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Natalie Barnett, PhD serves as VP of Clinical Research at Nanit. Natalie initiated sleep research collaborations at Nanit and in her current role, Natalie oversees collaborations with researchers at hospitals and universities around the world who use the Nanit camera to better understand pediatric sleep and leads the internal sleep and development research programs at Nanit. Natalie holds a Ph.D. in Genetics from the University of New England in Australia and a Postgraduate Certificate in Pediatric Sleep Science from the University of Western Australia. Natalie was an Assistant Professor in the Neurogenetics Unit at NYU School of Medicine prior to joining Nanit. Natalie is also the voice of Nanit's science-backed, personalized sleep tips delivered to users throughout their baby's first few years.

Kristy Ojala is Nanit’s Digital Content Director. She spends way too much time looking at maps and weather forecasts and pictures of Devon Rex cats and no-cook dinners. A former sleep champion, she strives to share trustworthy somnabulism tips with other parents—praying for that one fine day when no tiny humans wake her up while it’s still dark out. Her kids highly recommend 3 books, approximately 600 stuffies, Chopin’s “Nocturnes,” and the Nanit Sound + Light for bedtime success.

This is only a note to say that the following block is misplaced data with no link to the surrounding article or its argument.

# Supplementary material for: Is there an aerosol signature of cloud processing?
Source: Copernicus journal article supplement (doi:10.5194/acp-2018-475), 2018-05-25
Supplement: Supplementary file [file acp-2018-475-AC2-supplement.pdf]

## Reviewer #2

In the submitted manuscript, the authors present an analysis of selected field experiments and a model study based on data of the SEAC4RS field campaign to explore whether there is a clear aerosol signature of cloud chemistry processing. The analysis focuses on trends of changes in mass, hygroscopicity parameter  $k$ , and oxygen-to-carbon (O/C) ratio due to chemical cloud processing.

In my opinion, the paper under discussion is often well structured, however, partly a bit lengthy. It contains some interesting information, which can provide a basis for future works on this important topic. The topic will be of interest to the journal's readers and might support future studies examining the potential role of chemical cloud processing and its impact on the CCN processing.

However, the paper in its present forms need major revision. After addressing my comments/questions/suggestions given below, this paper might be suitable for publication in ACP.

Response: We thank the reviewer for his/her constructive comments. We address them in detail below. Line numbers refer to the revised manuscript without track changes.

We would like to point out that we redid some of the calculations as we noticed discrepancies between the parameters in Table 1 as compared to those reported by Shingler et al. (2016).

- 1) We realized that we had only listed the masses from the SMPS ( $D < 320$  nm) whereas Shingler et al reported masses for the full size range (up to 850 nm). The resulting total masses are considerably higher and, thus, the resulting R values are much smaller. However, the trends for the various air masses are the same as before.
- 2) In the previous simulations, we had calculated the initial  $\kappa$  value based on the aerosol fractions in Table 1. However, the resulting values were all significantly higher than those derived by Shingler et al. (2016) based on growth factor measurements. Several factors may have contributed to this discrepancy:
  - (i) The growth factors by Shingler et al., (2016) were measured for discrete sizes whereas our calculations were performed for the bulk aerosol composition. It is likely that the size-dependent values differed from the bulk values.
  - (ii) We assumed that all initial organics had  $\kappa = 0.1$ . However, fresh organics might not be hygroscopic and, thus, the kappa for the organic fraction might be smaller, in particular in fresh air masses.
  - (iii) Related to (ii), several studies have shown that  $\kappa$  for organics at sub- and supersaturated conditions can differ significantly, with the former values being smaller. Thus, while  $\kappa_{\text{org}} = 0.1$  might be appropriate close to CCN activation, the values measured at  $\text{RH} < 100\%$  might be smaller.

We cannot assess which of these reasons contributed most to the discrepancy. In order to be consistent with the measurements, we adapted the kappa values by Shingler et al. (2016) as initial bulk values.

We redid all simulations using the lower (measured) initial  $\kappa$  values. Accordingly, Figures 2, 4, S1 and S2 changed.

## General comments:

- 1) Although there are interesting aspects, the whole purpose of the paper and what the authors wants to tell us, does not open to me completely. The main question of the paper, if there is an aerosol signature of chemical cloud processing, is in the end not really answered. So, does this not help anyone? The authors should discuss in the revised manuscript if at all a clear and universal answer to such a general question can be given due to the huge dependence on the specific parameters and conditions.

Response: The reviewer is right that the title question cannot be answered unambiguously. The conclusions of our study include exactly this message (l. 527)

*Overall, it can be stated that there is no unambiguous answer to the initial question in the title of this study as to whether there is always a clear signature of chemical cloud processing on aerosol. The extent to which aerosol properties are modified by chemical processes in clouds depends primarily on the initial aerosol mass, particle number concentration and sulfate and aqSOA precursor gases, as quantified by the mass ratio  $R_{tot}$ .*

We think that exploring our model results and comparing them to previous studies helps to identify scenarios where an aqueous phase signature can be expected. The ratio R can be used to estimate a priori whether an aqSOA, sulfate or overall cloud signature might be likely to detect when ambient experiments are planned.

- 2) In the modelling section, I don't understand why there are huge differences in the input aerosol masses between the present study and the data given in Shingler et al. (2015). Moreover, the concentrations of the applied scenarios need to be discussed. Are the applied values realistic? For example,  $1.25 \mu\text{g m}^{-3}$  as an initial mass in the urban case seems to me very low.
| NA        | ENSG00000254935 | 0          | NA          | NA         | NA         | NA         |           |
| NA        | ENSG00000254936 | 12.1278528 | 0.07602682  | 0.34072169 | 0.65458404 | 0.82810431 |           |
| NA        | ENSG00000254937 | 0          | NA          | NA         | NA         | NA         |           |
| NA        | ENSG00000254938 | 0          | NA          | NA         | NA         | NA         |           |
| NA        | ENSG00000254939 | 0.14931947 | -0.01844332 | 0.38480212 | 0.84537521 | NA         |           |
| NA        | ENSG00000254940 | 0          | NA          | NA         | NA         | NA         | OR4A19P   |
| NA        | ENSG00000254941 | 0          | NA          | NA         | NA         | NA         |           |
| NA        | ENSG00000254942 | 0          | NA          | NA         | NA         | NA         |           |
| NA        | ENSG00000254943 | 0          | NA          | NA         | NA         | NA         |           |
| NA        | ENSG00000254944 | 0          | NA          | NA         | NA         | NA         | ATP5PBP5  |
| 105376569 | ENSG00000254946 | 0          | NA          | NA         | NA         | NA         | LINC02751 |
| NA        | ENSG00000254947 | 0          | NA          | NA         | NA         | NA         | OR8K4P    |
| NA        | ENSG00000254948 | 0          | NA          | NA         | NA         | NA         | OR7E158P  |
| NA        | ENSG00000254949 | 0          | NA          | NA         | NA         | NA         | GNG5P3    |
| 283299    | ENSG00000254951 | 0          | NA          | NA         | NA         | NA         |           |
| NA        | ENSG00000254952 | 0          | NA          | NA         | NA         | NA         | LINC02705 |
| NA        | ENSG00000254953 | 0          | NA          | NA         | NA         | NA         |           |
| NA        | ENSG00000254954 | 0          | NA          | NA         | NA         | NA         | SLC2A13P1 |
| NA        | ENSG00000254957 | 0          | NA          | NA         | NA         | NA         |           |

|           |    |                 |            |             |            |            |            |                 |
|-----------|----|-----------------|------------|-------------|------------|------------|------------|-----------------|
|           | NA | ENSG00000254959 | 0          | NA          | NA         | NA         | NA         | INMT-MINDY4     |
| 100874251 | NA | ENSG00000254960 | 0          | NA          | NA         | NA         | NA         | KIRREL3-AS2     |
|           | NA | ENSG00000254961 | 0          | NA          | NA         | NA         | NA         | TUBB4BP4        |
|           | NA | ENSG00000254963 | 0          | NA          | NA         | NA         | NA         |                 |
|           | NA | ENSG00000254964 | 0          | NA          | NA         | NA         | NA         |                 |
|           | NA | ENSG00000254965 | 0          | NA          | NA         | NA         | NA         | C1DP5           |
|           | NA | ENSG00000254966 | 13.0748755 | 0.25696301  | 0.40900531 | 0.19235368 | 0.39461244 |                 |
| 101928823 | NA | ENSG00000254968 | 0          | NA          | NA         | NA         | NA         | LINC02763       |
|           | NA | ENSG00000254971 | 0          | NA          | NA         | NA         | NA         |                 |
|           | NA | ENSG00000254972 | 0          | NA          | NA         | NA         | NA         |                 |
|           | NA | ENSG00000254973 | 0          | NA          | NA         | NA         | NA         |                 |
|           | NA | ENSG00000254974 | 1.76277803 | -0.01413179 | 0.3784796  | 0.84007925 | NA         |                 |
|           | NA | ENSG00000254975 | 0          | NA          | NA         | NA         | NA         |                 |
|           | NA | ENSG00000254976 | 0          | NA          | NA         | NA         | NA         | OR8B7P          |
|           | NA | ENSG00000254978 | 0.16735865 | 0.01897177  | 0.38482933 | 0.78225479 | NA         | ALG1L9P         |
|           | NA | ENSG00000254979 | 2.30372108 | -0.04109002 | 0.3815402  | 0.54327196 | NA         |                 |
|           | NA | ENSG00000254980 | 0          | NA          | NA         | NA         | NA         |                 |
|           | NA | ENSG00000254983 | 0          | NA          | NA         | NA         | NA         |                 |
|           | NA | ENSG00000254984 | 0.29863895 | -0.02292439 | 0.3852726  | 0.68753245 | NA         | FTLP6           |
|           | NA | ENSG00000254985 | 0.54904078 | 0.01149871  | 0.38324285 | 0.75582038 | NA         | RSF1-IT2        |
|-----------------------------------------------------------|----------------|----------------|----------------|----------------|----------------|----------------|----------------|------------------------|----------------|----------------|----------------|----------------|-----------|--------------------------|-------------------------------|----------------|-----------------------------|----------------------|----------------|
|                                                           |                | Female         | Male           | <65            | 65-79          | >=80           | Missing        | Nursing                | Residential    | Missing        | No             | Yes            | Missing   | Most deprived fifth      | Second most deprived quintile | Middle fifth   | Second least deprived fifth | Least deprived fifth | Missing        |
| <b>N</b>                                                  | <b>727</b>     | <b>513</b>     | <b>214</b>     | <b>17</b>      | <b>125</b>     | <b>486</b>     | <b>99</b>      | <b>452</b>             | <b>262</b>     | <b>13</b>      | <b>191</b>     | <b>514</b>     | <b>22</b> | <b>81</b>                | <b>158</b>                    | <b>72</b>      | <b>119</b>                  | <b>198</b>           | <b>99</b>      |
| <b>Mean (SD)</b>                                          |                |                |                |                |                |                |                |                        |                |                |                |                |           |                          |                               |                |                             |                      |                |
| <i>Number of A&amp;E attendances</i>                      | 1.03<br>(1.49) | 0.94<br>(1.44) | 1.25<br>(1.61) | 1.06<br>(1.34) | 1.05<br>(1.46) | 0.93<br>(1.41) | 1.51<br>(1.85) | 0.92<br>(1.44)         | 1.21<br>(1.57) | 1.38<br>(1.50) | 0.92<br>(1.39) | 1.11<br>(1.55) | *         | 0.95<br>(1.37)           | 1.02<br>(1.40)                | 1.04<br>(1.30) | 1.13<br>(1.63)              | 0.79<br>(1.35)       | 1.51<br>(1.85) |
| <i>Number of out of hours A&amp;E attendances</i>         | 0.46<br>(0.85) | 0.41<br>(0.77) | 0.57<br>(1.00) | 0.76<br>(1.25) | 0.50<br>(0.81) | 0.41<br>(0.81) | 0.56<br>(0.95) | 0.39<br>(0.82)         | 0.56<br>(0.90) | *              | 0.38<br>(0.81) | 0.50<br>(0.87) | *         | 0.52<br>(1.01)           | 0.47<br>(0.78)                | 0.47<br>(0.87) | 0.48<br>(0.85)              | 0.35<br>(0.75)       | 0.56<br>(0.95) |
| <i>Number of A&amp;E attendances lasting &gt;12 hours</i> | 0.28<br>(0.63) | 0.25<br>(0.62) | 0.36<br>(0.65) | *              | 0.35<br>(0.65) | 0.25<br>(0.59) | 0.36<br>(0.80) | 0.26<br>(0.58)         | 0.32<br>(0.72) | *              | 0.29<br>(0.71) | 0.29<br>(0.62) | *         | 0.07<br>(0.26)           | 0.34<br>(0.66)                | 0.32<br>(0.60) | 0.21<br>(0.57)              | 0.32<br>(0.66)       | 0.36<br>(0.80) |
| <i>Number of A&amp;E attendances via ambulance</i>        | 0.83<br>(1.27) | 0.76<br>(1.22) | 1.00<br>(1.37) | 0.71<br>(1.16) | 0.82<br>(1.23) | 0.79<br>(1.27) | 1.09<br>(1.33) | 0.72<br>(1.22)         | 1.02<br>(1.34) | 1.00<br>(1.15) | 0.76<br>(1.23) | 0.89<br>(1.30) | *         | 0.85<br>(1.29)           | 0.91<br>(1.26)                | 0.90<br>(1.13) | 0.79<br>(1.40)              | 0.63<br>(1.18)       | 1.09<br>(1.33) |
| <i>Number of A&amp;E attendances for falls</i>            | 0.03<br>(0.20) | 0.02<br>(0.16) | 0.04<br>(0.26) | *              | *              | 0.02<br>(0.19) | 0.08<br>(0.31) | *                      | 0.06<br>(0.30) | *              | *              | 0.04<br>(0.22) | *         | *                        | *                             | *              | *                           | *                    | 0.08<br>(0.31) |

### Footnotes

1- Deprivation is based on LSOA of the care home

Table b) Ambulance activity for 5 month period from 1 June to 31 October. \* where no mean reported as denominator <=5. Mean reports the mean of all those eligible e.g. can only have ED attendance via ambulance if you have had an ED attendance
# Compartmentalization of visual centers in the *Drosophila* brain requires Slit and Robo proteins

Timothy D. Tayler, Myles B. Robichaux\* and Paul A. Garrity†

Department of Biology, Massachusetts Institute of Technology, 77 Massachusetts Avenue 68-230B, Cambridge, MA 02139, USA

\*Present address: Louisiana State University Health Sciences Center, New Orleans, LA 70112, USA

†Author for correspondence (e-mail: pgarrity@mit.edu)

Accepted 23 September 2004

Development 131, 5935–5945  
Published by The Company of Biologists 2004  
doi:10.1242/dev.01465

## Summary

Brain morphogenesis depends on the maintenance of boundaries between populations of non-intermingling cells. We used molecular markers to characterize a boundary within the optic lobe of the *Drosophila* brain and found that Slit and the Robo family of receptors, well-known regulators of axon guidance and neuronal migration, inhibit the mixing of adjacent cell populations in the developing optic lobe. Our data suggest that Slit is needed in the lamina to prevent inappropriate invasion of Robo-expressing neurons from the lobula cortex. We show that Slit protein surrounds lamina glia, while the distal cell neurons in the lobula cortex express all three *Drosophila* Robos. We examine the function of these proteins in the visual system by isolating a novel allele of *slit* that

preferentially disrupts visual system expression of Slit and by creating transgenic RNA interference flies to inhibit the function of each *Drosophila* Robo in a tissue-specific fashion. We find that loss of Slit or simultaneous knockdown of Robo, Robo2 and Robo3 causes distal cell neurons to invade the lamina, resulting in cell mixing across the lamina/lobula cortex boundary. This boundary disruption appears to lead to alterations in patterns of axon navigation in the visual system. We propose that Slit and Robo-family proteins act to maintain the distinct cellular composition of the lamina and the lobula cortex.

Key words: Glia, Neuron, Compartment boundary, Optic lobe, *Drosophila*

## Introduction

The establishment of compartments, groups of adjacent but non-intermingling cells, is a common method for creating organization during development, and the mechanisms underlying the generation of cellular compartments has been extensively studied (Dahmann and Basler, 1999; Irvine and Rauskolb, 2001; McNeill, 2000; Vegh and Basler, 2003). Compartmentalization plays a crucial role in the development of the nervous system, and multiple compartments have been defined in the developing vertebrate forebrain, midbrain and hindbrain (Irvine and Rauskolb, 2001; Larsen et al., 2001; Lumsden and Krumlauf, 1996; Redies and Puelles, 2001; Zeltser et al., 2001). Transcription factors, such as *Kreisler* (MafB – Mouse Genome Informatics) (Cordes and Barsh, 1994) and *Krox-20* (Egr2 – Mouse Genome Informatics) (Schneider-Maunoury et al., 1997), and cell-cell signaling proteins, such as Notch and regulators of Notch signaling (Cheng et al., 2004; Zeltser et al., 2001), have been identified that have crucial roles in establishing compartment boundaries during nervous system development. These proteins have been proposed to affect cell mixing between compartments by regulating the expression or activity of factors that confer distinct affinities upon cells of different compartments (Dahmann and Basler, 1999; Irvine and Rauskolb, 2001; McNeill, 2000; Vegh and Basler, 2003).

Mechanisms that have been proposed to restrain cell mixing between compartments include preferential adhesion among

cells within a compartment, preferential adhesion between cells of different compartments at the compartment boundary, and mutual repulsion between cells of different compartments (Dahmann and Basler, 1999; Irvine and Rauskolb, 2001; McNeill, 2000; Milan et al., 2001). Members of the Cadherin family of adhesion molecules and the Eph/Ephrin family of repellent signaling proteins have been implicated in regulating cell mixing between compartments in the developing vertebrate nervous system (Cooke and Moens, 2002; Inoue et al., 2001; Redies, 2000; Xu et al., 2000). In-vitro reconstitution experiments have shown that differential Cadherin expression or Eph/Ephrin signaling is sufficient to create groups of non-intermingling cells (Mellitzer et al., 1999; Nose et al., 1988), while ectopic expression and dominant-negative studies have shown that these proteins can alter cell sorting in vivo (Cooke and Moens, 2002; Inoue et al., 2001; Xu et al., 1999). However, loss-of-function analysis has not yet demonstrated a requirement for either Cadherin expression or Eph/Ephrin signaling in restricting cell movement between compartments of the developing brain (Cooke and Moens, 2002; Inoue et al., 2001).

Mackenzie Sangster is on the Brand and Community team at Nanit. She supports content development and editing for Nanit’s Parent Confidently blog as well as other marketing initiatives. Outside of work, she enjoys spending time with her friends, cooking, being active, and using the Pro + Flex Duo to keep an eye on her fur-baby, Poppy!

Holly Hays is a contributor and writer for Nanit, channeling her years as a mama and former magazine editor to create fun, useful content for fellow busy, trying-to-do-their-best parents and caregivers. Holly has written for a wide range of brands and media outlets (Ergobaby, HGTV, Manhattan Toy Company, OXO), loves to cook and read mystery novels, and leans heavily on her two daughters to keep her up to date on all the latest slang.